The hair was curled, and the maid sent away, and Emma sat down to think and
be miserable.--It was a wretched business indeed!--Such an overthrow of every
thing she had been wishing for!--Such a development of every thing most
unwelcome!--Such a blow for Harriet!--that was the worst of all. Every part of it
brought pain and humiliation, of some sort or other; but, compared with the evil to
Harriet, all was light; and she would gladly have submitted to feel yet more
mistaken-- more in error--more disgraced by misjudgment, than she actually was,
could the effects of her blunders have been confined to herself.
"If I had not persuaded Harriet into liking the man, I could have borne any thing.
He might have doubled his presumption to me-- but poor Harriet!"
How she could have been so deceived!--He protested that he had never thought
seriously of Harriet--never! She looked back as well as she could; but it was all
confusion. She had taken up the idea, she supposed, and made every thing bend
to it. His manners, however, must have been unmarked, wavering, dubious, or
she could not have been so misled.
The picture!--How eager he had been about the picture!-- and the charade!--and
an hundred other circumstances;-- how clearly they had seemed to point at
Harriet. To be sure, the charade, with its "ready wit"--but then the "soft eyes"-- in
fact it suited neither; it was a jumble without taste or truth. Who could have seen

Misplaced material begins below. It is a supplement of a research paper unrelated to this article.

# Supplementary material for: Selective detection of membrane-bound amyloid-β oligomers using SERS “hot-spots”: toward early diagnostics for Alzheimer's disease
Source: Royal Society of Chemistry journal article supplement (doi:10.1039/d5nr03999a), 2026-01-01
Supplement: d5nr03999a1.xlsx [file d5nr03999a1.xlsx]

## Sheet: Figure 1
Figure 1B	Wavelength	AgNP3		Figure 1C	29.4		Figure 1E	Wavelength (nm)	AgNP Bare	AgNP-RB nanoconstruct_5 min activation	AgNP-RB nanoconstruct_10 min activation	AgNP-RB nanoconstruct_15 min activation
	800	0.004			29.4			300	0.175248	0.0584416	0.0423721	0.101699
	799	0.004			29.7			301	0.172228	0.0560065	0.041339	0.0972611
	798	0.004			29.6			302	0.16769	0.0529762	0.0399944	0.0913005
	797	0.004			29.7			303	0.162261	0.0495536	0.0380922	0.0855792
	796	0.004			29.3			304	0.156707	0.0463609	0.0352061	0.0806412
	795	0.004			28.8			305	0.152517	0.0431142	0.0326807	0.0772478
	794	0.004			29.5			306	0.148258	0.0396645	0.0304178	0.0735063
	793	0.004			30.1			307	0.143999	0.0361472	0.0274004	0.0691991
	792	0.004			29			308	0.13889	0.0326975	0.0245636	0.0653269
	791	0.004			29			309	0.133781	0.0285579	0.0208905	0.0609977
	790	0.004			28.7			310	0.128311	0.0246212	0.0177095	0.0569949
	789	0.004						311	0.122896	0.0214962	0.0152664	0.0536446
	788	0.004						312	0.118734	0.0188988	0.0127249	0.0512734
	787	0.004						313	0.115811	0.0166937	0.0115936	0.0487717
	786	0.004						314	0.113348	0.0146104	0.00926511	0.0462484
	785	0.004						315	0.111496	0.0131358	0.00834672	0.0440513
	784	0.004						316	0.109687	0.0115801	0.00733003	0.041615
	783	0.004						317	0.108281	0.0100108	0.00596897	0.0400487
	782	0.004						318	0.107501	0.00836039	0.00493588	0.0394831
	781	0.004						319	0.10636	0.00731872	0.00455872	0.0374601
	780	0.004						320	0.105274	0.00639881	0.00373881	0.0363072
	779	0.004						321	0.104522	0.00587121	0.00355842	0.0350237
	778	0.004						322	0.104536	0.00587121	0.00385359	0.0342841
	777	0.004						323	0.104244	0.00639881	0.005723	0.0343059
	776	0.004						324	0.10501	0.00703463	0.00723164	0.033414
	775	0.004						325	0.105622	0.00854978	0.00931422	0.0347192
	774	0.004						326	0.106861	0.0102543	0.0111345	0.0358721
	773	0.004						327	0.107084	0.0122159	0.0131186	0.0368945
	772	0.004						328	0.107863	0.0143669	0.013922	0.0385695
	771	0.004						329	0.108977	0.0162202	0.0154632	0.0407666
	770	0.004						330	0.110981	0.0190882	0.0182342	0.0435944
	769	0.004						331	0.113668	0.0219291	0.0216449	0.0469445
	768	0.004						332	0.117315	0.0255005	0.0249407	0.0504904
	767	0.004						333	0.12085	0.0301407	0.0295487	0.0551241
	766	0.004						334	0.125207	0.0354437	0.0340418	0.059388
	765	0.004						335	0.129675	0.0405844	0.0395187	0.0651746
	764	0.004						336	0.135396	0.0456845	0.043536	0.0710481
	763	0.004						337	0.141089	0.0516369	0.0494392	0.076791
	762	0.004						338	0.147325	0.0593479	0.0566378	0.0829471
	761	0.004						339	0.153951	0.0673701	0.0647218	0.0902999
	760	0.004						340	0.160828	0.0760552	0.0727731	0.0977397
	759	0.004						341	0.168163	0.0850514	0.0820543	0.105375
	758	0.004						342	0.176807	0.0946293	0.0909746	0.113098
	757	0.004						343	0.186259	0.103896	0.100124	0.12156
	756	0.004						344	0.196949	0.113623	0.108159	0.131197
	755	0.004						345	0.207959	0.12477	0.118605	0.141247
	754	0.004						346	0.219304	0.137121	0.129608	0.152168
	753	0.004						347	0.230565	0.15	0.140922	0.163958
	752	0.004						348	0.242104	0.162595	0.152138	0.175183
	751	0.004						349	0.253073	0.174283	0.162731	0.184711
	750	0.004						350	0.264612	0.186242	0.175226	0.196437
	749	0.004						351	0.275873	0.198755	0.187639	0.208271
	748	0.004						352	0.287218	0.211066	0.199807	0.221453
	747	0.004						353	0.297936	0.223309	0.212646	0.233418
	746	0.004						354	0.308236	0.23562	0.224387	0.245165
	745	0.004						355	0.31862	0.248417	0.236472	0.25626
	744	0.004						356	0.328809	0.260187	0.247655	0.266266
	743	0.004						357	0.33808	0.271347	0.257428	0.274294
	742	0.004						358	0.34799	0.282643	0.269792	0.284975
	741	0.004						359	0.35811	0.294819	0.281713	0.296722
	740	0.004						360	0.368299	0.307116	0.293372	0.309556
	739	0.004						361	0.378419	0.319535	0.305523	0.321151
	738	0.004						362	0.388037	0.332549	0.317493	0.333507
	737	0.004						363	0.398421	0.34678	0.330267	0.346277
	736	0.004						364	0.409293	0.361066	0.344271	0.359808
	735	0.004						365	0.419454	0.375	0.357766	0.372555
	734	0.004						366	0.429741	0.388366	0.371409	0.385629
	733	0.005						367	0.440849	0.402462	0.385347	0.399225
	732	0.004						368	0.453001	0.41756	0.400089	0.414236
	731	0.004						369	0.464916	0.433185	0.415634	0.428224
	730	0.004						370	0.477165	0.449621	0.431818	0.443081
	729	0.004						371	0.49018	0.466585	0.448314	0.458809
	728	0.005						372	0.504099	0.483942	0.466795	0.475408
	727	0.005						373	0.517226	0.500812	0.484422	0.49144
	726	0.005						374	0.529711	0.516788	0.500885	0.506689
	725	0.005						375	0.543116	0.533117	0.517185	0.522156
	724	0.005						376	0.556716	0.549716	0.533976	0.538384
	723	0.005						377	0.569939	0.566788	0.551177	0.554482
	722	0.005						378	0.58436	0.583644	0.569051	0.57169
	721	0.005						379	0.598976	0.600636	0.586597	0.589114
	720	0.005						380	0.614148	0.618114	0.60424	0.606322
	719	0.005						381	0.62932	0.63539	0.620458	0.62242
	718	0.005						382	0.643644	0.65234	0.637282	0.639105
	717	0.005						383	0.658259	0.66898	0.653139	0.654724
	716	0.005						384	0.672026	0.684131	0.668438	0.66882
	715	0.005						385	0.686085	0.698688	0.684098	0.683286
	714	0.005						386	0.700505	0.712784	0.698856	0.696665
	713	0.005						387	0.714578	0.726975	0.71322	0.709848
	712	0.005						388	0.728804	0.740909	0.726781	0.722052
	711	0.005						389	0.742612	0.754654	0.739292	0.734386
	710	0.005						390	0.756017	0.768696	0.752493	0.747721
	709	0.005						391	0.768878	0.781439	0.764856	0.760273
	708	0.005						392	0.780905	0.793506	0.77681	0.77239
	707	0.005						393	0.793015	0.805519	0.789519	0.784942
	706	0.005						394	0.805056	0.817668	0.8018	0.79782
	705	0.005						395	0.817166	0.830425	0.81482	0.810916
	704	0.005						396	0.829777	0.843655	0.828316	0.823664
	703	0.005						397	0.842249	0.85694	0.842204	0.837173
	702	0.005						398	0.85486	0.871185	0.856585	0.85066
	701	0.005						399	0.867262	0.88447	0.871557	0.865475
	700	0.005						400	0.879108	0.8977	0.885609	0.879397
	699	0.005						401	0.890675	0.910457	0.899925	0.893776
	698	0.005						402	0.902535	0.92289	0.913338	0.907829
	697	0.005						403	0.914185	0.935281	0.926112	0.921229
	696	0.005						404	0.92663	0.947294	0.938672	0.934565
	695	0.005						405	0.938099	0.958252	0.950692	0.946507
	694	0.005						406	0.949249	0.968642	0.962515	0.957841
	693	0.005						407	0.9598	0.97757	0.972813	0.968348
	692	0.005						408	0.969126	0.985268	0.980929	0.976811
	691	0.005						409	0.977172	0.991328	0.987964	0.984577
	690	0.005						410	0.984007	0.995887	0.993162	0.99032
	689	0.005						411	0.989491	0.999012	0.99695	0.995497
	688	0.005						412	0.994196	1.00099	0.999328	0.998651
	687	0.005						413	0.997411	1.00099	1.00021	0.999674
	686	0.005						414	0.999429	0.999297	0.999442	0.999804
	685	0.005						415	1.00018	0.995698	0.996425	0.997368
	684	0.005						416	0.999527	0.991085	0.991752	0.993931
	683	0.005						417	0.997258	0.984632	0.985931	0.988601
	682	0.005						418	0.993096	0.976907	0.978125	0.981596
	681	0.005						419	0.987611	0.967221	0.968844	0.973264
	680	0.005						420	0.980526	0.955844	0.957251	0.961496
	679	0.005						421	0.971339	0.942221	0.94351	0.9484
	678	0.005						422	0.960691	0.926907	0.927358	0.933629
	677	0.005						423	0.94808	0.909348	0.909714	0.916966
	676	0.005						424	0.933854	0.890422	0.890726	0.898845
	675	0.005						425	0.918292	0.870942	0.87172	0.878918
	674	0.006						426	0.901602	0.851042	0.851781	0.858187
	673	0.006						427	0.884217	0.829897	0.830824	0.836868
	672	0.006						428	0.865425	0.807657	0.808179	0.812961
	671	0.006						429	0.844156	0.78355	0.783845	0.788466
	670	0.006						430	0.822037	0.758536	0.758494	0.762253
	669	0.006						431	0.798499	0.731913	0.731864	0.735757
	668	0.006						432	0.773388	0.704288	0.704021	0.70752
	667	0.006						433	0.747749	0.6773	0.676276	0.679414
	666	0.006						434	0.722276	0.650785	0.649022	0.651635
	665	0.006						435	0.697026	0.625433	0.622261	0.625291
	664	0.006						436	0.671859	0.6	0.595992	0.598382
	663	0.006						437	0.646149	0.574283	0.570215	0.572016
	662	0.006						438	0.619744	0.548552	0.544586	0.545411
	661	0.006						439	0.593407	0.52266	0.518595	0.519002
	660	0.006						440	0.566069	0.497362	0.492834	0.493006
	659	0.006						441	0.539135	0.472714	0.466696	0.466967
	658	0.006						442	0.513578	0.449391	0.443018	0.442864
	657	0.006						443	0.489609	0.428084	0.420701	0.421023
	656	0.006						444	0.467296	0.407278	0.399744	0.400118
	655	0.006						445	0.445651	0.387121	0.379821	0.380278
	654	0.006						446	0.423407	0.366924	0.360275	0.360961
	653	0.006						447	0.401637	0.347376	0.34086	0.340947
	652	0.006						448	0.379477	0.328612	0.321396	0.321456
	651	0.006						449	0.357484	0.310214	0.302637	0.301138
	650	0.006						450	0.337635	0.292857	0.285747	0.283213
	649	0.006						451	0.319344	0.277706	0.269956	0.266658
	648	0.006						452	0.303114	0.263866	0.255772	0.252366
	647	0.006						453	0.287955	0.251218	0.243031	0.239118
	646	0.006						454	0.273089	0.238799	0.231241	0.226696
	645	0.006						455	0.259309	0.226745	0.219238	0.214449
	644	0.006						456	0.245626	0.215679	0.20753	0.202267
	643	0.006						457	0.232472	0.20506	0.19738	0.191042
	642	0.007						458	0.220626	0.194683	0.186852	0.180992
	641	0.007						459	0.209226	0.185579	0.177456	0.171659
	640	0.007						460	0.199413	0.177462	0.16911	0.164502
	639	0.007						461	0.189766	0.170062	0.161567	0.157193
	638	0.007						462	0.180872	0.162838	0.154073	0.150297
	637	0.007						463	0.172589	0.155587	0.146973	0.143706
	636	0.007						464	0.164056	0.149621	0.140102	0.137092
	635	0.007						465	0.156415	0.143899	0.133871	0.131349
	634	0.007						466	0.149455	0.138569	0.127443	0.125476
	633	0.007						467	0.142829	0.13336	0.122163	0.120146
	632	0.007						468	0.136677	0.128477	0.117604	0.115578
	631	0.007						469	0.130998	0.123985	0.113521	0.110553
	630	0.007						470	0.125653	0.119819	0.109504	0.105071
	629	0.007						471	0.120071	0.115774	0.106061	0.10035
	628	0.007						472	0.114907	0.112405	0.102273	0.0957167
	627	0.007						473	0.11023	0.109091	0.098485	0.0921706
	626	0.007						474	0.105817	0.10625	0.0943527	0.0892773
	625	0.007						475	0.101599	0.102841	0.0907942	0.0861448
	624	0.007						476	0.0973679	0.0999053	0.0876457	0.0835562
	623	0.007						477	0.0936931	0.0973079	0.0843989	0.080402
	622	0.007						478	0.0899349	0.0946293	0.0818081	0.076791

through such thick-headed nonsense?
Certainly she had often, especially of late, thought his manners to herself
unnecessarily gallant; but it had passed as his way, as a mere error of judgment,
of knowledge, of taste, as one proof among others that he had not always lived in
the best society, that with all the gentleness of his address, true elegance was
sometimes wanting; but, till this very day, she had never, for an instant,
suspected it to mean any thing but grateful respect to her as Harriet's friend.
To Mr. John Knightley was she indebted for her first idea on the subject, for the
first start of its possibility. There was no denying that those brothers had
penetration. She remembered what Mr. Knightley had once said to her about Mr.
Elton, the caution he had given, the conviction he had professed that Mr. Elton
would never marry indiscreetly; and blushed to think how much truer a
knowledge of his character had been there shown than any she had reached
herself. It was dreadfully mortifying; but Mr. Elton was proving himself, in many
respects, the very reverse of what she had meant and believed him; proud,
assuming, conceited; very full of his own claims, and little concerned about the
feelings of others.
Contrary to the usual course of things, Mr. Elton's wanting to pay his addresses
to her had sunk him in her opinion. His professions and his proposals did him no
service. She thought nothing of his attachment, and was insulted by his hopes.
He wanted to marry well, and having the arrogance to raise his eyes to her,
pretended to be in love; but she was perfectly easy as to his not suffering any
disappointment that need be cared for. There had been no real affection either in
his language or manners. Sighs and fine words had been given in abundance;